Wanted a Philosophy?
[Reprinted from the Henry George Fellowship News,
Here we have two substantives; philosophy and taxation. Philosophy,
we are told, is the cultivation of wisdom, valuable in itself.
Taxation is a forced contribution toward the public expense, the
justification being that the public establishment confers benefits,
and having nothing of its own, must seek financial support.
Why not such a philosophy? A philosophy must have a basis in
imagination or assumption or fact. Certainly all three will be woven
into the fabric. It should develop a complete workable consistent
theory. It must relate to life, and certainly must take into
consideration the proper purposes of the public establishment, the
benefits it confers and the distribution among men of those benefits.
It must take into consideration whether men receive the benefits
directly and the degree of probability that the benefits are normally
to be bought or rented from direct beneficiaries. There also is the
matter of the incidence of taxation which will have a powerful bearing
upon whether or not the benefits of government are nullified, and to
what extent nullified, by the tax system arrived at by the philosophy.
The problem of a thief is to find someone who has something and then
to take it from him. To what extent must the philosophy of taxation be
guided by impulses similar to his?
Who are the common beneficiaries of government? Landholders, subsidy
receivers, patentees, public utility mongers and tariff beneficiaries.
Which are the largest and most constant beneficiaries? Which of these,
in the long run, will levy the largest toll, not only on the other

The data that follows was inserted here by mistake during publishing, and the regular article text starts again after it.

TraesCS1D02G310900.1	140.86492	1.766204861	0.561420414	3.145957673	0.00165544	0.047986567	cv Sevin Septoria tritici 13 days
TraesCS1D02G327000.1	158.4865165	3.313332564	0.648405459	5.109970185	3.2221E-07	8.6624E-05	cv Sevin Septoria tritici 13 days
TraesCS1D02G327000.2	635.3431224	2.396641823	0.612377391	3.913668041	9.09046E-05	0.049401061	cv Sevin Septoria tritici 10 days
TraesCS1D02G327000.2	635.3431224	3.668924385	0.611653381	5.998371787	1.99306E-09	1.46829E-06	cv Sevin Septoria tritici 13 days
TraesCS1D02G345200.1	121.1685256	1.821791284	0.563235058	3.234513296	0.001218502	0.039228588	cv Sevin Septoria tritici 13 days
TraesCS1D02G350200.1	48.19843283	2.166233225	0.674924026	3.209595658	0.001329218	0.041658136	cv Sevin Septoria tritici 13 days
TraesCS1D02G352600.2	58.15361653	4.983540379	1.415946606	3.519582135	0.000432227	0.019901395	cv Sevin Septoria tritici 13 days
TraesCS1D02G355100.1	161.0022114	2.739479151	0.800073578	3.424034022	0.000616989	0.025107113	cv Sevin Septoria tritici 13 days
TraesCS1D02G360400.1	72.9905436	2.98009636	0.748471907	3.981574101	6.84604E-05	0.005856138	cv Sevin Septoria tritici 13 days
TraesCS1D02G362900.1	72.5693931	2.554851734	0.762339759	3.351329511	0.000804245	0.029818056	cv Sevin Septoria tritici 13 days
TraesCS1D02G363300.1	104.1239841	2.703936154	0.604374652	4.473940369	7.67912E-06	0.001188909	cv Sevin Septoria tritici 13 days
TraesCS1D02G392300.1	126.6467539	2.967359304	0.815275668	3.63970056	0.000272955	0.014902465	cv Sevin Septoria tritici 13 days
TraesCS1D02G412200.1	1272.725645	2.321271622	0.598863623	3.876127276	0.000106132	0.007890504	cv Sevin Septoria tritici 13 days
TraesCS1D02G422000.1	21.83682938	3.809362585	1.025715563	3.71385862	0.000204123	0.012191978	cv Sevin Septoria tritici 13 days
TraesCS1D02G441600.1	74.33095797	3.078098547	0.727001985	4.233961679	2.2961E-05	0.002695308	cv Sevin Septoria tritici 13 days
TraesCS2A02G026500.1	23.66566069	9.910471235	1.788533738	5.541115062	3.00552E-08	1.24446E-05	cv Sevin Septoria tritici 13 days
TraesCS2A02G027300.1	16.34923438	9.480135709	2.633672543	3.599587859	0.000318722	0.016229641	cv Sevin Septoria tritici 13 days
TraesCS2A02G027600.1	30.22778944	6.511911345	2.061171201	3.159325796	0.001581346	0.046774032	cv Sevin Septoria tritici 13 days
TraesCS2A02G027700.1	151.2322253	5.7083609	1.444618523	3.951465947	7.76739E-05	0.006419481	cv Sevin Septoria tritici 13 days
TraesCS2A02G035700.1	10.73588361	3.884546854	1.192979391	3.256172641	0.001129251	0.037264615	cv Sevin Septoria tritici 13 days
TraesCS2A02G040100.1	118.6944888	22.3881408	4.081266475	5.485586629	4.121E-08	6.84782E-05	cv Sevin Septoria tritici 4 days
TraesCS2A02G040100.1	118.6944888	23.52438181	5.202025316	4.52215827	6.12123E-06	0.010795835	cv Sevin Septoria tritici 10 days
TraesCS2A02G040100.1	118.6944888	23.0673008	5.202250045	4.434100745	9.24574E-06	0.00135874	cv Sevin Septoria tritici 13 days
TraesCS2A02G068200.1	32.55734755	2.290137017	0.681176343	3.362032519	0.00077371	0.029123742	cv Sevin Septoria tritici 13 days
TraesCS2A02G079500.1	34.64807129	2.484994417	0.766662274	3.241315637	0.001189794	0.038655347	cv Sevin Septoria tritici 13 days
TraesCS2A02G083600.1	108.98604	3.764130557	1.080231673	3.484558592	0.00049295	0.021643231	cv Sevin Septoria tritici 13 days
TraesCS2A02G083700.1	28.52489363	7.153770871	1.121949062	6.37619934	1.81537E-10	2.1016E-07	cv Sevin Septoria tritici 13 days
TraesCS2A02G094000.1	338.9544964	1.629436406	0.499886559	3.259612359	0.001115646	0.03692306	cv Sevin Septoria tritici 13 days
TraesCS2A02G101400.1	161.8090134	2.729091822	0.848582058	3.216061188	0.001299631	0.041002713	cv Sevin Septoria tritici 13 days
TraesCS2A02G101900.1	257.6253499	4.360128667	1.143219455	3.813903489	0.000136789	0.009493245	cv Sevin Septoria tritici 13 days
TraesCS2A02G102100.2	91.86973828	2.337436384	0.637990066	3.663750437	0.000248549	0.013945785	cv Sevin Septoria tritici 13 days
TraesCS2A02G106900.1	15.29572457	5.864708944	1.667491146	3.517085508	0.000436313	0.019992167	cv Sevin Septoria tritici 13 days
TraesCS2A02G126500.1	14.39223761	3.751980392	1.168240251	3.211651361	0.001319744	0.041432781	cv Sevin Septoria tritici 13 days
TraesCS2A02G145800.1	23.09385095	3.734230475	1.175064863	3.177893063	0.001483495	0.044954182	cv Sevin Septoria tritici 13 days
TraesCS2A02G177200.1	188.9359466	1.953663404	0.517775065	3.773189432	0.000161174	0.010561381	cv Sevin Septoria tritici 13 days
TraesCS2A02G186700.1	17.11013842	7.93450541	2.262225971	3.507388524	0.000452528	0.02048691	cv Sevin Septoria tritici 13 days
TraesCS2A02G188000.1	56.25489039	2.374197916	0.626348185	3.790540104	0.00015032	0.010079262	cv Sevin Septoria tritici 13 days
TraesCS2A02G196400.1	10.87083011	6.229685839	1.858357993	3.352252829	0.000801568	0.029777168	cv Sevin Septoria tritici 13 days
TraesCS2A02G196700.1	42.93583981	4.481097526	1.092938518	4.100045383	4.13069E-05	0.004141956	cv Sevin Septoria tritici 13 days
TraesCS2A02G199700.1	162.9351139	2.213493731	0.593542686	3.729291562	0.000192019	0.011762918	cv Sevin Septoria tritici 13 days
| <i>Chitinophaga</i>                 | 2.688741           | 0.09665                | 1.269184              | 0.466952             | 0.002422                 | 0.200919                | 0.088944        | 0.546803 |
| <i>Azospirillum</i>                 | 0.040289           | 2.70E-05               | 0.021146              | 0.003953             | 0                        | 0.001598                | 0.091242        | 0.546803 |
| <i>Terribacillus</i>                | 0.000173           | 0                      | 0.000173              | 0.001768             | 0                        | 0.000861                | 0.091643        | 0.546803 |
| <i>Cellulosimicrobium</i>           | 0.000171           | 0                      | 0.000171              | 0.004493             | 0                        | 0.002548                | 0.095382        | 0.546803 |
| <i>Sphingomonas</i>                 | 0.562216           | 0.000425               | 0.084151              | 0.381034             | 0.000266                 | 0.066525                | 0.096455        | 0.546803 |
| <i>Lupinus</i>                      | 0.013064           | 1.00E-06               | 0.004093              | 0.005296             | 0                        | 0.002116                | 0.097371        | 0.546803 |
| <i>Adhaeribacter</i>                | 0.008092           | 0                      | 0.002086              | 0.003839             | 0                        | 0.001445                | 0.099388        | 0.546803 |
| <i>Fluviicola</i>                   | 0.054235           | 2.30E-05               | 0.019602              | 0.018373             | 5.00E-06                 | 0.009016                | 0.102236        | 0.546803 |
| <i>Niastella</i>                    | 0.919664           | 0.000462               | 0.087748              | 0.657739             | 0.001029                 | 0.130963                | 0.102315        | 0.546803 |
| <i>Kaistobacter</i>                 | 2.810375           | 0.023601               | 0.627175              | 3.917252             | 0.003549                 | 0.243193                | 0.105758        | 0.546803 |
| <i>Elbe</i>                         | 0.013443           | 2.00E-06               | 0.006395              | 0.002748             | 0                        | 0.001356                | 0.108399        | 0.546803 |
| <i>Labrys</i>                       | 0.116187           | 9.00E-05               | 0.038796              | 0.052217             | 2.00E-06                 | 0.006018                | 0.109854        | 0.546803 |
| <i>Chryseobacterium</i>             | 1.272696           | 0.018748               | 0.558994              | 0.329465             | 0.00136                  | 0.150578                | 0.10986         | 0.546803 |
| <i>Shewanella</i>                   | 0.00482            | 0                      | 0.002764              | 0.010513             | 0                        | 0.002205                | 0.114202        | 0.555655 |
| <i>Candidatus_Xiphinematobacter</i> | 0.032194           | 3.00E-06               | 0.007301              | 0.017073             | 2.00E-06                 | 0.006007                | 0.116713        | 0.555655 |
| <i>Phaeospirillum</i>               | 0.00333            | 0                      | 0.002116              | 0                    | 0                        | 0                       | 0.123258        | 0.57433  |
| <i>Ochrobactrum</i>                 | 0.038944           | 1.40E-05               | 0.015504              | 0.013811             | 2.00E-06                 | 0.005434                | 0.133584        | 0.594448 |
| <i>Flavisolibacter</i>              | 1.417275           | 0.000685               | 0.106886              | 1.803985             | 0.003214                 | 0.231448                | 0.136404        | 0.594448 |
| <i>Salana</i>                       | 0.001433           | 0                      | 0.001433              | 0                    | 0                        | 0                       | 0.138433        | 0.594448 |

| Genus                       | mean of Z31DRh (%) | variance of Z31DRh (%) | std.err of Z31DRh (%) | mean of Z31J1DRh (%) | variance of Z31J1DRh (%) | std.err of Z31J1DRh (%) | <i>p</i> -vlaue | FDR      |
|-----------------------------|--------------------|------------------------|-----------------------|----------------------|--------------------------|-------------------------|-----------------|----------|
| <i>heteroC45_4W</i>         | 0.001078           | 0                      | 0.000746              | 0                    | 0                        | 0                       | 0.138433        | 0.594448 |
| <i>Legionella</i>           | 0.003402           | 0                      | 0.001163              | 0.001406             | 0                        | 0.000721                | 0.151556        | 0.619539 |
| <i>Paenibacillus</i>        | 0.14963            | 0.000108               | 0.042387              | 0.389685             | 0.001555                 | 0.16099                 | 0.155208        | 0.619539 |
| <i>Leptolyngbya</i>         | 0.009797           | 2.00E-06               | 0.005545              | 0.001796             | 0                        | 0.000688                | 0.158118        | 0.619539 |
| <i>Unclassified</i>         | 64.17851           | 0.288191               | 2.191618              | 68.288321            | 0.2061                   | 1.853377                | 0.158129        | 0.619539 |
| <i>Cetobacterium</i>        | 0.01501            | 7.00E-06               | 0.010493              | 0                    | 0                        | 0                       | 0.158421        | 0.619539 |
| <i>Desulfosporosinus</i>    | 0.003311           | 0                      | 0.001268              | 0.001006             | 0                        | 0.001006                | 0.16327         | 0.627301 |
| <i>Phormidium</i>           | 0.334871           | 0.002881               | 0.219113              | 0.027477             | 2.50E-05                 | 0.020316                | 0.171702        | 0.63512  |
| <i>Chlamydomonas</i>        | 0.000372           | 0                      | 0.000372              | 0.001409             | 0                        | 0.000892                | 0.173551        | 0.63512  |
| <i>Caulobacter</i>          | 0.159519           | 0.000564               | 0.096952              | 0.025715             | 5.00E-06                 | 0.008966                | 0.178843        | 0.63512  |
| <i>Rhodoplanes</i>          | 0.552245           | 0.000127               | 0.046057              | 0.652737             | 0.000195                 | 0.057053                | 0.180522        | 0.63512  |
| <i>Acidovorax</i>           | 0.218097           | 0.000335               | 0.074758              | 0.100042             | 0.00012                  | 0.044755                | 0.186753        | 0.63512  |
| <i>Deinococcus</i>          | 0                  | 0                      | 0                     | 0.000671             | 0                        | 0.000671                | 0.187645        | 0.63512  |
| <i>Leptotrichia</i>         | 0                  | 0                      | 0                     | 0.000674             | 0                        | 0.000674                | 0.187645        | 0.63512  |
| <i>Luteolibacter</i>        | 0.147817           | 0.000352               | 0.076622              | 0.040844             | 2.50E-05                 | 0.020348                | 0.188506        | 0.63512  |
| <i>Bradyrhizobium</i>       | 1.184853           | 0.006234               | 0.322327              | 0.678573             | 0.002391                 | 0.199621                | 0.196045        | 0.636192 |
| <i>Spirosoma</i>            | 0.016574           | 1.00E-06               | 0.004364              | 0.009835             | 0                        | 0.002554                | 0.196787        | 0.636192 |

beneficiaries, but upon those who, to live, must find places to live
Tax the tariff beneficiaries? It is more simple to abolish the tax
whereby they benefit.
Tax the public utility mongers? They are public agents, and as such
confer benefits when functioning properly. Surely the public should
hot tax its agents.
Tax patent beneficiaries? Then why give them the benefits? It would
be more easy to withhold the gift.
Tax the receivers of subsidies? Levy a tax, give the fund away and
take it back again?
Landholders are direct beneficiaries by title and by incidence. They
have their trials and tribulations, too, but that is because while we
encourage them to speculate and borrow on the security of inflated
land values, we destroy by taxation the rent paying ability of the
industries that otherwise would furnish them with all the funds they
might need for taxes.
Wanted: A philosophy, of Taxation; If that be so, we could begin by
realizing that there are only two sources of revenue either public or
private; land and labor. Here is a fact for the philosopher.